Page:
In March 2014 I retired – or at least I retired from stipendiary ministry. Fifteen months later I thought I would engage in a spot of ‘self-appraisal’ and came up with the following statement:
I am still in the process of making the transition into retirement. When, if at all, that transition will be complete I have no idea. If I am to believe Nathan and Beth Davis, the transition is never complete: ‘It is a never-ending process partnering with God to refocus yourself, constantly discovering avenues in which God can use you, and constantly learning new, deeper ways to facilitate communion with God and others’ (Finishing Well: Retirement Skills for Ministers, Springfield Missouri, 3rd edition 2008).
To my amazement I do not hanker to be back in the pastorate. That era is over. Instead I rejoice in the new freedoms which are mine. In a way that was never true before, I am now a free agent – and what a difference that makes! Freedom, however, does not do away with discipline. Most days I am in my library, reading and writing. Along with the writing of four electronic books on ministry, with my grandchildren in mind I have written my autobiography, This is my Story. Along with the daily discipline of reading Scripture and praying, there is also the weekly discipline of writing a blog.
As very much a sociable being, I found the transition from no longer being at the centre of church life challenging. Thank God friendships with many have been retained, while at the same time there are new friendships to make. Perhaps not surprisingly, after a long ministry my former church has struggled to find a minister to succeed me and as a result I have been worshipping at Chelmsford Cathedral where I have appreciated not only the Anglican liturgy with its focus on the Eucharist, but also the opportunity to be part of another Christian fellowship. Since leaving Central Baptist Church, Chelmsford, I have also been instrumental in bringing together retired Baptist ministers in Essex for occasional lunches, which again has created new friendships.
There have been new opportunities for service. In addition to teaching an intensive MA module in ministry in New Zealand, Sri Lanka, and Australia, I have been involved in a new Cathedral project entitled ‘Breakfast with the Bible’. Then there is my chairmanship of Ministry Today and the College of Baptist Ministers. Beyond the confines of the church I have been able to be more involved in Rotary, and will soon be the President of my local breakfast club; even as I write our local MP has invited me to be an agent in the General Election count. I confess that I enjoy these new opportunities for service in the wider community.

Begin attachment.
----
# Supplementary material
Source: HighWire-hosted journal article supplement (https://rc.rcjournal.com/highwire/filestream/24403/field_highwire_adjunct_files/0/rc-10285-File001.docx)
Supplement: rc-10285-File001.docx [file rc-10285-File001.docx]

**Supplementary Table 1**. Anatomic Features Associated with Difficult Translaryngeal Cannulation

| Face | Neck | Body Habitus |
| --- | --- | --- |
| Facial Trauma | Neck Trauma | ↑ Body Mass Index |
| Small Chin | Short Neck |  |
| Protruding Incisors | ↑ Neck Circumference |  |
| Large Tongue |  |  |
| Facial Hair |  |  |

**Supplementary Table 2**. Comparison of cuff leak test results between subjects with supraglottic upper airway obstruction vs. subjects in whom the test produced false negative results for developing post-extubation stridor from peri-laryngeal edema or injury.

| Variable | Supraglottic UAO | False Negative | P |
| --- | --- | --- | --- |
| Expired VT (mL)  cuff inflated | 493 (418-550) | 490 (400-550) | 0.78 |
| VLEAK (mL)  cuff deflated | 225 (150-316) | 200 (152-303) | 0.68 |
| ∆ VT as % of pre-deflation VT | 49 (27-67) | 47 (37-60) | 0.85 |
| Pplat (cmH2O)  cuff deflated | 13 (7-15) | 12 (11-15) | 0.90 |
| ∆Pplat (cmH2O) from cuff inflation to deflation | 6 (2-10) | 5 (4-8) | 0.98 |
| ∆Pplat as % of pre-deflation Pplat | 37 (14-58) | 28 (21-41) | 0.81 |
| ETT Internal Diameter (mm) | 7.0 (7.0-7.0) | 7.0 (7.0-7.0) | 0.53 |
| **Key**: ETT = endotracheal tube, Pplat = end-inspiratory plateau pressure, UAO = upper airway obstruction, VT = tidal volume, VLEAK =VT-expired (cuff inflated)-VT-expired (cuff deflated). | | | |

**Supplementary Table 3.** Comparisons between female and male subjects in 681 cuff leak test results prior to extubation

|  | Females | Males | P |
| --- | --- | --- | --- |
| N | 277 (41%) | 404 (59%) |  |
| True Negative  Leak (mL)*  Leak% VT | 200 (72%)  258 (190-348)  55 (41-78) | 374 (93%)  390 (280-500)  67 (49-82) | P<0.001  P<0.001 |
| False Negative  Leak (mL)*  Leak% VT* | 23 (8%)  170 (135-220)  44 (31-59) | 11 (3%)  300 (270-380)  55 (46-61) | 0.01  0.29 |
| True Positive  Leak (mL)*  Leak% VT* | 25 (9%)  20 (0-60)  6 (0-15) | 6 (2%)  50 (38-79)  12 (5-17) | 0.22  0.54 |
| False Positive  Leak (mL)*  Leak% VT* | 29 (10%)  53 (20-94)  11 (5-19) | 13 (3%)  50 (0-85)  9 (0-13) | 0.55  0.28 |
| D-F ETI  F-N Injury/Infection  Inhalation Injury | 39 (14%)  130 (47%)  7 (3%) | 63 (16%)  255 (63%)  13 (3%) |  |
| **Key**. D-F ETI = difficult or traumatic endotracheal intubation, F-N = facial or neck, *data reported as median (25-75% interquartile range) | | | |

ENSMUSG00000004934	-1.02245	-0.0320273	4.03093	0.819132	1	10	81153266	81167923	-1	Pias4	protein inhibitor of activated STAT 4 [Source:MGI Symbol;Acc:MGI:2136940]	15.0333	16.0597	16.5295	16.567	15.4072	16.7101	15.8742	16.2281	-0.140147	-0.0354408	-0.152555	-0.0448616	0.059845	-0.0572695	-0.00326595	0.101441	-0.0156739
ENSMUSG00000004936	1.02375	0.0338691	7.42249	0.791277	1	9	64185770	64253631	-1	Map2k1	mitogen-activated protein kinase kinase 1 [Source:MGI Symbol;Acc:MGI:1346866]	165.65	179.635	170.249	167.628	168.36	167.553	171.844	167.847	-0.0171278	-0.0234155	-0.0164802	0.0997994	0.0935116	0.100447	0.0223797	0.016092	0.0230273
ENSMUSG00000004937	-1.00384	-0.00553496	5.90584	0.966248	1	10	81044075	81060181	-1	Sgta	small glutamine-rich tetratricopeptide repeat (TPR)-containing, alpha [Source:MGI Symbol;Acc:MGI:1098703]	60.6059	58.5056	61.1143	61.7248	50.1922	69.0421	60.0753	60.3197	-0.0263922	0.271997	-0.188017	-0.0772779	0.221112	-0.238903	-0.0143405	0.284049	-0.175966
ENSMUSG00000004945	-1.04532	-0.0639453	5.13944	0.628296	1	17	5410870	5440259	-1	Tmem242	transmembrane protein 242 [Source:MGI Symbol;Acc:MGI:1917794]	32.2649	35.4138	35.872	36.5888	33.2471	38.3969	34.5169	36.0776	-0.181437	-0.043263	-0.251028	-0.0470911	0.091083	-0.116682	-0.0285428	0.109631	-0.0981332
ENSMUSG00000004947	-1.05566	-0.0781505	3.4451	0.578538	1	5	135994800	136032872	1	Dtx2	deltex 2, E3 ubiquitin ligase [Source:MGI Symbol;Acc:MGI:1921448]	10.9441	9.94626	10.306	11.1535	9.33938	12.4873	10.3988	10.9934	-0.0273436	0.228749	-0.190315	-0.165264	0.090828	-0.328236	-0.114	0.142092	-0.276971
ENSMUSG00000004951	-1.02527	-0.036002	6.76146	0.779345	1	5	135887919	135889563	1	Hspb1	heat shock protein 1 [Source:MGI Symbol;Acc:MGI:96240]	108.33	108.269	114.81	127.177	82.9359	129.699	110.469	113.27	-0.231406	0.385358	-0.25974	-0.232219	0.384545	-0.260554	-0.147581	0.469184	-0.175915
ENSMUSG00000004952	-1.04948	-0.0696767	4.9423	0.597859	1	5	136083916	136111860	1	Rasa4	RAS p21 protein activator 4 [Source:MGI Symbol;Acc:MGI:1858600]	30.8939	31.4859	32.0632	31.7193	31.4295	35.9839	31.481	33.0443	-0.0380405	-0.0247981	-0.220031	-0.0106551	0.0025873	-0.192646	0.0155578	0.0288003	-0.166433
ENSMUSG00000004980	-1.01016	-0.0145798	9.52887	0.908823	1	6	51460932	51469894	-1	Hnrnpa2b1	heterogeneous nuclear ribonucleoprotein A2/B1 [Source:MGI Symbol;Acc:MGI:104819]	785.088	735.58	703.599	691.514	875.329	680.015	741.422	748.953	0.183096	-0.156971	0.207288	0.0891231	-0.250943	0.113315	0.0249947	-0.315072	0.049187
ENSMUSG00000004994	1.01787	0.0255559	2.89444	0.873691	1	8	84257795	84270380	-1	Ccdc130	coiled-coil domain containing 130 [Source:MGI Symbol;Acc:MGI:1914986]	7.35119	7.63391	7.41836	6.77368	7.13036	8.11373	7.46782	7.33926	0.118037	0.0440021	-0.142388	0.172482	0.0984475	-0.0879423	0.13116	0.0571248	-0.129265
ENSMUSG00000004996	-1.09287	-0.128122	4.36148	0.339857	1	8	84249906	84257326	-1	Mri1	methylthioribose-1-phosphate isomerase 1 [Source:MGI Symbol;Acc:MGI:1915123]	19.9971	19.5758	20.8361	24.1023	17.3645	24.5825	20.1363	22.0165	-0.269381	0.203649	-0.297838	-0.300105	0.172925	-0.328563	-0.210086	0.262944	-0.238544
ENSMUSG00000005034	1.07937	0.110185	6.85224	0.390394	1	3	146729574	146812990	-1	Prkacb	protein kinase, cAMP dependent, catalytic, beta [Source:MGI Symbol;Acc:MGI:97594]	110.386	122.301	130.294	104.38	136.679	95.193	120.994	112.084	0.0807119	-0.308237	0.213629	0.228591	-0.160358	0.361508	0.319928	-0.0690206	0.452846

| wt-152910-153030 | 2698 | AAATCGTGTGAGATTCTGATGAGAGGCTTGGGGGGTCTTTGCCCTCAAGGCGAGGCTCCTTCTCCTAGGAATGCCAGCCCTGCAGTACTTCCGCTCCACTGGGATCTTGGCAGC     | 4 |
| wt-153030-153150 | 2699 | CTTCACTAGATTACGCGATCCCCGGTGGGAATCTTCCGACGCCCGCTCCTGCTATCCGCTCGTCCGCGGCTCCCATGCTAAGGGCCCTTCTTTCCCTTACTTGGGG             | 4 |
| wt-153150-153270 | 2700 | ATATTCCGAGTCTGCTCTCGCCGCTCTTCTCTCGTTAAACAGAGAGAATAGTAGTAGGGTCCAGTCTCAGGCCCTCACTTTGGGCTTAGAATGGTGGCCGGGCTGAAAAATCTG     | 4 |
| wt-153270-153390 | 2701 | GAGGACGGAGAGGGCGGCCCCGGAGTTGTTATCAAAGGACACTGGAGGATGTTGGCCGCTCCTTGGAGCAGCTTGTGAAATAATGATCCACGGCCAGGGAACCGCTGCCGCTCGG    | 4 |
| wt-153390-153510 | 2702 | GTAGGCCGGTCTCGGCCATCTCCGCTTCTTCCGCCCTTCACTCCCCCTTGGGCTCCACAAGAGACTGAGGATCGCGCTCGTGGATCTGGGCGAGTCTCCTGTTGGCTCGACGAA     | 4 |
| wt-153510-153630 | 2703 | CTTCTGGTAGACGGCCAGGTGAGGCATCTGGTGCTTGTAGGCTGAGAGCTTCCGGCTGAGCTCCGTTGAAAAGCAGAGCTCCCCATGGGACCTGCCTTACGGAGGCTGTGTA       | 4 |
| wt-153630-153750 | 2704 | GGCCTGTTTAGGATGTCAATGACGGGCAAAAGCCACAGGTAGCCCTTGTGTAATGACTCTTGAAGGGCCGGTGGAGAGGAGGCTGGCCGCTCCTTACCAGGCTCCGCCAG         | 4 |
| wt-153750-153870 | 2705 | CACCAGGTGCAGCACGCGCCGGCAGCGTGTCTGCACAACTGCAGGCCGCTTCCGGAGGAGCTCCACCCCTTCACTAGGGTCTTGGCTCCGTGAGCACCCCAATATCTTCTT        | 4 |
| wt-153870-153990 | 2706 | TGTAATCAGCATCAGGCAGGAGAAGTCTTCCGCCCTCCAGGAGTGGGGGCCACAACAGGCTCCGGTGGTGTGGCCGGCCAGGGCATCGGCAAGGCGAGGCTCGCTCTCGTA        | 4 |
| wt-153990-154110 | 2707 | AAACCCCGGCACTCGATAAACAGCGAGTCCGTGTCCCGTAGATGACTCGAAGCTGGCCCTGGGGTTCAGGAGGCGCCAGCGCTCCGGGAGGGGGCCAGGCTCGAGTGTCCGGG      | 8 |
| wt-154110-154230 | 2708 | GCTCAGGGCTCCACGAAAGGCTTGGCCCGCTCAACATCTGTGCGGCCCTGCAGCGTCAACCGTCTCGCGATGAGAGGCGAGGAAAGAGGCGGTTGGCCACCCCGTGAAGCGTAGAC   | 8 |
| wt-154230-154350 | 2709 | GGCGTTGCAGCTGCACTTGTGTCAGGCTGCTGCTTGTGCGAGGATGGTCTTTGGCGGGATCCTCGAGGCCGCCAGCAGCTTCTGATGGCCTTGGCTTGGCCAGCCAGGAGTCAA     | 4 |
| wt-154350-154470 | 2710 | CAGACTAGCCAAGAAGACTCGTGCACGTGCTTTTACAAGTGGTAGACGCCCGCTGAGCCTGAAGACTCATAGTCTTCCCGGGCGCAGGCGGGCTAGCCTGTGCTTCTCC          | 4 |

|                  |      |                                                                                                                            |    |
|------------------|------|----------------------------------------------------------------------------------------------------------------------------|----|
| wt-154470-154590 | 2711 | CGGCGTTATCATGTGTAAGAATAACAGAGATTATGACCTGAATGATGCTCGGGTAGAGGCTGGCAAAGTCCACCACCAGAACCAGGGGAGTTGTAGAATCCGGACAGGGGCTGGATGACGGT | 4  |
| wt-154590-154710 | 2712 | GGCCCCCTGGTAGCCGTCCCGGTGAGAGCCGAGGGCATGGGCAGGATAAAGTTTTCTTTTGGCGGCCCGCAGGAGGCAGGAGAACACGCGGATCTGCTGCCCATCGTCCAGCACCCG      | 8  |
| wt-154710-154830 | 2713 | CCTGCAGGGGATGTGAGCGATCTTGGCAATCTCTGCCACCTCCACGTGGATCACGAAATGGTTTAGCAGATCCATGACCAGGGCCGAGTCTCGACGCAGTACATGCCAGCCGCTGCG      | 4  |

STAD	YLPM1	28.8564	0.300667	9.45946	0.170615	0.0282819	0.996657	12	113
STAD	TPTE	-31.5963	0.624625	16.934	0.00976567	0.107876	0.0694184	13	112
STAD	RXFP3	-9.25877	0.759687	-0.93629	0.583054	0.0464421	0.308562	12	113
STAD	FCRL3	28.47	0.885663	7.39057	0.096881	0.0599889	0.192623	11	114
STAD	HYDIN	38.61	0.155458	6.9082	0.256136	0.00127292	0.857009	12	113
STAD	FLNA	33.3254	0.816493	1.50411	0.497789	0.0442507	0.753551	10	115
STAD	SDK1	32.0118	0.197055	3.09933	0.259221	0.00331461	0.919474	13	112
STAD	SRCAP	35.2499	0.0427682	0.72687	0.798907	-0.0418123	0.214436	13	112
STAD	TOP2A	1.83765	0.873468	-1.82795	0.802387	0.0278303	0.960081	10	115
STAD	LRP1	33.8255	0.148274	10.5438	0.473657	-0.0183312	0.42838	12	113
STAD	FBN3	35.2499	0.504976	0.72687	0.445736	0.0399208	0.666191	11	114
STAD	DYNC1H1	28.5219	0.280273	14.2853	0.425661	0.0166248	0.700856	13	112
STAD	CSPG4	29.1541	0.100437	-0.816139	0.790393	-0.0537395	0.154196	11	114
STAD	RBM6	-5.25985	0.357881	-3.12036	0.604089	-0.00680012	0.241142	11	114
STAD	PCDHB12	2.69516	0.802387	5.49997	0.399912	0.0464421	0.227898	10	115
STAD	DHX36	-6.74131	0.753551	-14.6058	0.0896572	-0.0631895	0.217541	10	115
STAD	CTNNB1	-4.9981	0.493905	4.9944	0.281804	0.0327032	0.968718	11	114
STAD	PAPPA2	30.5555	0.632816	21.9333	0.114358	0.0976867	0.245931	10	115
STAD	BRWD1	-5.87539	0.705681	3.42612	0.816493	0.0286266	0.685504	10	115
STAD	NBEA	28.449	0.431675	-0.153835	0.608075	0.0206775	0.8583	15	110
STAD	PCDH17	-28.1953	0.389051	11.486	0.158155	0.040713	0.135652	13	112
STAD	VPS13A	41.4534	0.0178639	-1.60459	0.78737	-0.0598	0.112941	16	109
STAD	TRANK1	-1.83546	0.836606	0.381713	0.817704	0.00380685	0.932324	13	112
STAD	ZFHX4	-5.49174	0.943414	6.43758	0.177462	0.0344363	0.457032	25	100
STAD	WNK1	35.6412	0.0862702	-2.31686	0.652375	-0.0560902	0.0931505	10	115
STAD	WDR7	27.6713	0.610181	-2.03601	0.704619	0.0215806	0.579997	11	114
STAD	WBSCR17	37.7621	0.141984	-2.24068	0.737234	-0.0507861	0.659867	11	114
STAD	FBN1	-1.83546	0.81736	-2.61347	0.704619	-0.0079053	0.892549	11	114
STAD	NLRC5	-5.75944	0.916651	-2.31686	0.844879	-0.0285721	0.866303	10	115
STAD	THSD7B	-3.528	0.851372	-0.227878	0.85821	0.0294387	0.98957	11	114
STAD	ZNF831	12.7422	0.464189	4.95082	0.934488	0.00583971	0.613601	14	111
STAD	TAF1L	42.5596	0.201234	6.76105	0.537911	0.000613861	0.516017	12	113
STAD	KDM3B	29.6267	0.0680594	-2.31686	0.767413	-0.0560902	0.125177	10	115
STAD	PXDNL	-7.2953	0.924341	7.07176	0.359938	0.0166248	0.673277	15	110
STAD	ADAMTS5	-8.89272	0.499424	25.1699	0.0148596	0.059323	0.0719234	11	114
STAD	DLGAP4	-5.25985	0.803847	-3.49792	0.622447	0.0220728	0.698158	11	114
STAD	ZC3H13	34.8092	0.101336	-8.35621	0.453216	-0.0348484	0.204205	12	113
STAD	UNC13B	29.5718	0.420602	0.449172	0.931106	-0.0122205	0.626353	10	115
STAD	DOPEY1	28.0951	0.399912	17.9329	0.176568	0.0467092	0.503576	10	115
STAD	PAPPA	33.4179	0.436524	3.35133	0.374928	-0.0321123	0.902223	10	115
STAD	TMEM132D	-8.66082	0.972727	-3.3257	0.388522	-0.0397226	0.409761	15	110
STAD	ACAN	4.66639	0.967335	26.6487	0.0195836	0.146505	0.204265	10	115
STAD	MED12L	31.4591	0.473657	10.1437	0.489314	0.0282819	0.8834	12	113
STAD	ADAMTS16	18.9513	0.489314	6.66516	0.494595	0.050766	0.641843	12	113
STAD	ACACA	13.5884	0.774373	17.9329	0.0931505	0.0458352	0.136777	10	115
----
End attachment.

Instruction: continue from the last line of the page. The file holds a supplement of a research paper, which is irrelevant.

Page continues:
I recently came across these words of Sir Francis Bacon: ‘A wise man will make more opportunities than he finds’. I thank God for the new opportunities which have been mine. So far I have thrived in retirement, and so have been blessed with the experience of ‘successful retirement’, which according to Nathan and Beth Davis ‘occurs when an individual is able to thrive physically, vocationally, socially and spiritually in retirement’.
Imagine, then, my sense of shock when I read Loving Later Life: An Ethics of Aging (Eerdmans, Grand Rapids, Michigan 2015) by Dutch theologian Frits de Lange. The author argues that “the models of successful, productive, healthy and active aging have a strong anti-aging tendency, and in support quotes an article from the Journal of Aging Studies by Chris Gilleard:
Achieving at an advanced age the accomplishments of youth is little short of achieving the appearance of youth. The goals of government and gerontology are not to venerate old age because of its agedness, the way we might venerate an old wine or an old building, nor do they seek to make old age successful by the number of years achieved. Successful old age is old age without old age.
I thereupon felt somewhat deflated, as if I had no right to seek a ‘successful retirement’! To be fair de Lange’s concern is not with the ‘Third Age’ but with the ‘Fourth Age’, which he describes as “a shadow land of diminishment and the portal to death, the results of our inability to eliminate the impairments at the end of life and to push the vital and healthy Third Age until the very moment of death”. He goes on: “Opposed to the healthy ‘wellderly’, found mostly among the youngest old, are the ‘illderly’…, usually the oldest old. The Fourth Age is the ‘densification’ of old age and represents the abhorrent reality of real and deep old age”. To cope with the Fourth Age, he says, we need to develop “the ethics of love”, which in the first place involves loving our aging selves and only then loving the aged. It is a challenging book – as indicated not least by the final two sentences: “It is essential that we develop compassion for speechless old people, those who feel cut off from the rest of humankind and are unable to express their complain any longer. We must sit down with them and share their cry.”
I am not quite sure where this leaves me at the moment, apart from realising that sometimes that I – along with other ‘active retireds’ – can be a little too glib when we talk about ‘successful retirement’. The fact is that old age can be cruel. And yet, I would like to think that the lines from Browning’s Rabbi Ben Ezra will prove true for me:
Grow Old along with me!
The best is yet to be,
The last of life, for which the first was made!
Our times are in His hand
Who saith, ‘A whole I planned,
Youth shows but half; trust God, see all, nor be afraid’.